A.S. Rishi, Nelson, Ayuko Kassel and Arun Goyal (Biology,
CSE) at the IUFRO meeting on Molecular Biology of Forest Trees in the
Columbia River Gorge, Stevenson, WA, recently. IUFRO is the International
Union of Forest Research Organizations.
SEA GRANT NEWS
Minnesota Sea Grant and the University of Minnesota Extension Service
4-H program co-hosted a "Beetlemania" media event in July at Munger Landing.
Reporters from KDLH, WDIO, KBJR and the Duluth Budgeteer went out
in boats on the St. Louis River with area young people who distributed
beetles that eat the exotic plant, purple loosestrife. The Duluth News
Tribune also did a front page Sunday story on the project. The event
is part of a program led by the MN Department of Natural Resources and
the Great Lakes Sea Grant Network. It was coordinated with major support
from several local programs: St. Louis River Citizens Action Committee,
Minnesota Department of Natural Resources Exotic Species Program,
Duluth Sailing Association, Duluth Boat Club, Carduus Consulting, Boy
Scouts, Woodland Hills Youth Treatment Program, Wisconsin Department of
Natural Resources, and the U.S. Fish and Wildlife Service. The project
was funded by a $31,000 grant from the National Sea Grant College Program.
Douglas Jensen, exotic species information center
coordinator, gave the presentation, "Aquatic Exotics: Lake Superior's
Most Unwanted," at the Apostle Islands National Lakeshore Visitor Center,
Bayfield, Wisconsin, in July. Jensen also co-chaired a workshop entitled,
"Community Stewardship: Exotic Aquatics Lead the Way (Unfortunately!),"
at the 86th Annual Meeting of the National Council for Geographic Education,
in August at Vancouver, Canada.
Jensen and Marie Zhuikov, communications coordinator,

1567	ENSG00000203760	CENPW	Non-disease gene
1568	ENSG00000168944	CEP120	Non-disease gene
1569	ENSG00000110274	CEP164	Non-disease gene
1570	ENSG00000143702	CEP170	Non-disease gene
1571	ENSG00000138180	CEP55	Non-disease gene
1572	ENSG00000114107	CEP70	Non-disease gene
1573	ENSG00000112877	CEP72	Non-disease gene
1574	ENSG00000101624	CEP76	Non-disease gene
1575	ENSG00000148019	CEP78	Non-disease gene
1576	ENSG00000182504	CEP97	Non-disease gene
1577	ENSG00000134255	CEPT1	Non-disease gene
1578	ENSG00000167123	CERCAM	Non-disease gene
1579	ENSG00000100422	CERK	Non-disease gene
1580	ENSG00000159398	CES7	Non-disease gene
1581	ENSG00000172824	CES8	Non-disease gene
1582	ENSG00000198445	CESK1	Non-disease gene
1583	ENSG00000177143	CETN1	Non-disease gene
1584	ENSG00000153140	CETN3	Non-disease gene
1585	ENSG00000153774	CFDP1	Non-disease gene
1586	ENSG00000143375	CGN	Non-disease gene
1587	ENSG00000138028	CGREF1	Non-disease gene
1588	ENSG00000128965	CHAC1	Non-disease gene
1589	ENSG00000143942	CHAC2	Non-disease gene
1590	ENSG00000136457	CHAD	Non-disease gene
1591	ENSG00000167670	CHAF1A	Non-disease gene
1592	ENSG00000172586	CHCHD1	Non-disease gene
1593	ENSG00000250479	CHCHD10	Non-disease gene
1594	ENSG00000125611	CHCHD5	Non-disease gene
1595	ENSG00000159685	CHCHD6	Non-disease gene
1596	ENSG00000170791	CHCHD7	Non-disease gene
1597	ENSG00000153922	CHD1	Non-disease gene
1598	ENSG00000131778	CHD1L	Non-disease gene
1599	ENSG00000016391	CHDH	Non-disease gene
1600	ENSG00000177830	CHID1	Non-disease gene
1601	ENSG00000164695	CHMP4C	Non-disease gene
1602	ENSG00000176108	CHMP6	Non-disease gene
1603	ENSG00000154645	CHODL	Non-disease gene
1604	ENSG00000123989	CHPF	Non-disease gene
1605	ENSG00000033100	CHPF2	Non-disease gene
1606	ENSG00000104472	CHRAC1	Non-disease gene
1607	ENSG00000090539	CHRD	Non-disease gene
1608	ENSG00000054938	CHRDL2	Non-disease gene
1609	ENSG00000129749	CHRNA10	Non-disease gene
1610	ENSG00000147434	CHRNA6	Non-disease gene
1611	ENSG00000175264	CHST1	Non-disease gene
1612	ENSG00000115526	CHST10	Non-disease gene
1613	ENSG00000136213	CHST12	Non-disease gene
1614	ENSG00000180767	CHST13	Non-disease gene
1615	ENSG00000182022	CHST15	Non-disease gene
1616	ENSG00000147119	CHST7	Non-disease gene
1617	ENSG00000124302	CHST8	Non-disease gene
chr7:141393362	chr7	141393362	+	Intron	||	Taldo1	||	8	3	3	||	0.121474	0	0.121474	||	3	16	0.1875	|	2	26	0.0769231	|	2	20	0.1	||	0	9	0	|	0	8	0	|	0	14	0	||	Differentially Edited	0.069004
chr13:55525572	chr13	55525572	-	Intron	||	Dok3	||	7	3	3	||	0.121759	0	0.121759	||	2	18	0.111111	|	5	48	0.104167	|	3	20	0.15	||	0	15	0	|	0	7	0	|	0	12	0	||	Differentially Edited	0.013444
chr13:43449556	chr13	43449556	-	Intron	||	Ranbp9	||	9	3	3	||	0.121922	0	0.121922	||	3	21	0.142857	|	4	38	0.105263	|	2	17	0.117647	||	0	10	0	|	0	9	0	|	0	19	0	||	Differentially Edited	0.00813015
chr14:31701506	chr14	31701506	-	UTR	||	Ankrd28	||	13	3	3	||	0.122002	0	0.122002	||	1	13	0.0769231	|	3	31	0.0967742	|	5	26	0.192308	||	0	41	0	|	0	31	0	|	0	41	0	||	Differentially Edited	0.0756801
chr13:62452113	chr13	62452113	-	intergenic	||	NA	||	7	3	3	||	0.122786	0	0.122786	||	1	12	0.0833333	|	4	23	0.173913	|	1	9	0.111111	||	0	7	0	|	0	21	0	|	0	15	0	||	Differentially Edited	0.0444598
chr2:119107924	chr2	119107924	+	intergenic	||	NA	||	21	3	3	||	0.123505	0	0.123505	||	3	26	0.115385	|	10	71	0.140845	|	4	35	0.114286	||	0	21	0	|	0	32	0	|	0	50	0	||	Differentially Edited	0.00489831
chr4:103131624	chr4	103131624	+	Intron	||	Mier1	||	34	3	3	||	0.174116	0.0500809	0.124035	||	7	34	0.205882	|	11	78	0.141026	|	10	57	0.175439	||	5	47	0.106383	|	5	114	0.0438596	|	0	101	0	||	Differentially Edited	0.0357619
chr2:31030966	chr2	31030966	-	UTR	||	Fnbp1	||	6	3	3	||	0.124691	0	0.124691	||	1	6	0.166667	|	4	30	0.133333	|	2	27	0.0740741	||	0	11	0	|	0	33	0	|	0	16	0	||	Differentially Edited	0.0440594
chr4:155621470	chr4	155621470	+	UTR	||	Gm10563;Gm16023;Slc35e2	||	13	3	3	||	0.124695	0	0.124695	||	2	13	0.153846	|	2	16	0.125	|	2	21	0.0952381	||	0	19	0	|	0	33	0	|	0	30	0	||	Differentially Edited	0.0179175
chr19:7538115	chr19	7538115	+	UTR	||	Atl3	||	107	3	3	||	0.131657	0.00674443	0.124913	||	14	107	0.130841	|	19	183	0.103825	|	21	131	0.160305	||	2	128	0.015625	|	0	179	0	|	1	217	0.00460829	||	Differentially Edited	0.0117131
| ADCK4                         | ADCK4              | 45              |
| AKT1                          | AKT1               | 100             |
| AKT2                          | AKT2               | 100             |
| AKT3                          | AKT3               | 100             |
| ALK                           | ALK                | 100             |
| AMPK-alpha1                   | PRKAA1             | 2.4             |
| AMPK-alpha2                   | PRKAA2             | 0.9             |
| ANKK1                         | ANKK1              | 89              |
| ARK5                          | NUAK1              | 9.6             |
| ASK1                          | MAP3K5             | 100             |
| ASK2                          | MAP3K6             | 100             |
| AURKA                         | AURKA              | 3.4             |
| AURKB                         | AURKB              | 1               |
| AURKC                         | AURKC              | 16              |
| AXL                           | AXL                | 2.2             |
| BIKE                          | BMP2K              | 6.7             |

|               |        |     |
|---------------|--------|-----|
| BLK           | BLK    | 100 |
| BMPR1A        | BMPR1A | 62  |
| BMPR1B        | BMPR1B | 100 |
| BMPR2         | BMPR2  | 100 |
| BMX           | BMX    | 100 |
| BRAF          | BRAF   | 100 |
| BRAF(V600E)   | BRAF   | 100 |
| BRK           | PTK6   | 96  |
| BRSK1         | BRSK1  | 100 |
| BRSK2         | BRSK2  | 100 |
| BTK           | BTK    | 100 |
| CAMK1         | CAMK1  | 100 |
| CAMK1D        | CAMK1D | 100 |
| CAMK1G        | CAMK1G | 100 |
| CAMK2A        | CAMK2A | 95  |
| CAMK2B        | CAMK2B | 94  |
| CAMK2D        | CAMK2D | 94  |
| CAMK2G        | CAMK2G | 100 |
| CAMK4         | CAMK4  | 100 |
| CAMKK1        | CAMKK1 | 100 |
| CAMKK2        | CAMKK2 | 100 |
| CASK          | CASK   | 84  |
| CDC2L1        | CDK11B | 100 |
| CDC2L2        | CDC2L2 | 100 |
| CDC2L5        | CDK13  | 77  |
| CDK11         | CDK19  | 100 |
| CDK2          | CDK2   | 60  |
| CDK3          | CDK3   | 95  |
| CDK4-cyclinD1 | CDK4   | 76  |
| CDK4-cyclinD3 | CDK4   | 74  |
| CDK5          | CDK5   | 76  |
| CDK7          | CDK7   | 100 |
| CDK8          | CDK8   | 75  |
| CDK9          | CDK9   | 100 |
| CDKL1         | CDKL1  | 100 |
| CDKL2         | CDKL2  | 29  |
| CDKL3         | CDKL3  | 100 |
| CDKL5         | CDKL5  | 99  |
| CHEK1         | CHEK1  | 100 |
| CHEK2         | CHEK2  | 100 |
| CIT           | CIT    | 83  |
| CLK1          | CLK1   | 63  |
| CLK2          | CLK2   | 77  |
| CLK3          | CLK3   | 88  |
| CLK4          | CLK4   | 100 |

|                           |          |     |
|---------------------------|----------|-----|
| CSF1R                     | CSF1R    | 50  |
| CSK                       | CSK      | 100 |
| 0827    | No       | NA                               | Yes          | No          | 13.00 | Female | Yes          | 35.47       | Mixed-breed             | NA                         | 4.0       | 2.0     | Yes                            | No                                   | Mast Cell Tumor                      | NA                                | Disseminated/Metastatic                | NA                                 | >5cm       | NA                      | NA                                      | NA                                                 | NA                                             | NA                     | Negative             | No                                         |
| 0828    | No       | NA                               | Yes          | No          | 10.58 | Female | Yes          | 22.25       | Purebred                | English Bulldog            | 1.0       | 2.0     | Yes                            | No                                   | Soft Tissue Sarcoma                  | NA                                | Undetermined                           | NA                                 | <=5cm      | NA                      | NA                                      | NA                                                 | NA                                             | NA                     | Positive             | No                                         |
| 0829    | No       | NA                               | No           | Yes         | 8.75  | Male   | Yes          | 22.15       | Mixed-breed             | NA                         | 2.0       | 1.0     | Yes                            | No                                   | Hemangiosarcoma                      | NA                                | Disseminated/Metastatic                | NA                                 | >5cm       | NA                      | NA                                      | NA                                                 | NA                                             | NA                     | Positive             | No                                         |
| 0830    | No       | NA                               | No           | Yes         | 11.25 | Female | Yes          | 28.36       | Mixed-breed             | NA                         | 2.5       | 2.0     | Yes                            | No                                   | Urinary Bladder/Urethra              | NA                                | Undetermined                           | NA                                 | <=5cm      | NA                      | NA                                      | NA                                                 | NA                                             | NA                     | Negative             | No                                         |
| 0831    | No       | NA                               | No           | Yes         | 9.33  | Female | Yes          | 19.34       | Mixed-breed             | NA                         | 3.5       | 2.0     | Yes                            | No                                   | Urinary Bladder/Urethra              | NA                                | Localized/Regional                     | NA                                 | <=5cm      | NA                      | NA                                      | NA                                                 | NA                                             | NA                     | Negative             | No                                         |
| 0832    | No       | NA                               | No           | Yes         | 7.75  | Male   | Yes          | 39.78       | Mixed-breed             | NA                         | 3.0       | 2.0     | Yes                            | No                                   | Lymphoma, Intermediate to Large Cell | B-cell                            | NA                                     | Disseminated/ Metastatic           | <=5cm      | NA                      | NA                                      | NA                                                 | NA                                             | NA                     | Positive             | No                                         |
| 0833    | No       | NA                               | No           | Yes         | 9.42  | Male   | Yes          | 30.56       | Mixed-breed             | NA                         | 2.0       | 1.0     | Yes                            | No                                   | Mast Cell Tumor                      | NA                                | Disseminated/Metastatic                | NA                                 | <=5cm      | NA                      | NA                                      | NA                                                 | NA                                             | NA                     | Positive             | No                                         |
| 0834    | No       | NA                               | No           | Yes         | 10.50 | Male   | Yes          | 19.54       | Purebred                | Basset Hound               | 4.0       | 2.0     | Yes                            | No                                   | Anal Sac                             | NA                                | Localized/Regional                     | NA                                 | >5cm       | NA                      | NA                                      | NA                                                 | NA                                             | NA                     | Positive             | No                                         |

will receive $96,000 in funding from the National Sea Grant College Program
for "The Great Lakes Sea Grant Network Raises Public Awareness of ANS
Through Species WATCH ID Cards: Don't Leave Home Without 'Em." This cooperative
project with Great Lakes Sea Grant programs and state natural resource
agencies seeks to inform boaters, anglers, and aquarium hobbyists about
the threats posed by various Aquatic Nuisance Species (ANS) through a
series of species-specific identification cards. Minnesota Sea Grant will
produce 1.7 million cards.
Zhuikov and Jensen will receive $91,000 in funding
from the National Sea Grant College Program for "ESCAPE From Exotics:
Break Out of Your Classroom Routine by Exploring the Interesting World
of Exotic Aquatic Species." This cooperative project with Great Lakes
Sea Grant programs and Louisiana Sea Grant seeks to help citizens stop
the spread of exotic species through classroom programs, cooperation with
the Newspapers In Education program, and distance learning.
Jeff Gunderson, assistant director, and Jensen will
receive $59,000 in funding from the National Sea Grant College Program
for "A National Training Initiative for Federal, State, and tribal Stocking
Programs and Private Aquaculturists and Baitfish Industries Using an ANS-HACCP
Approach from the Great Lakes." This cooperative project with Great Lakes
Sea Grant programs seeks to lower the risk of spreading ANS into public
waters via baitfish and fish stocking by conducting training sessions
for resource managers.
Barb Peichel, program assistant, gave a talk
entitled, "Biological Invasions: Threats to Minnesota Waters," to members
of the Crow Wing COLA (Coalition of Lake Associations for Crow Wing County)
in Brainerd in August.
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September 4, 2001 Campus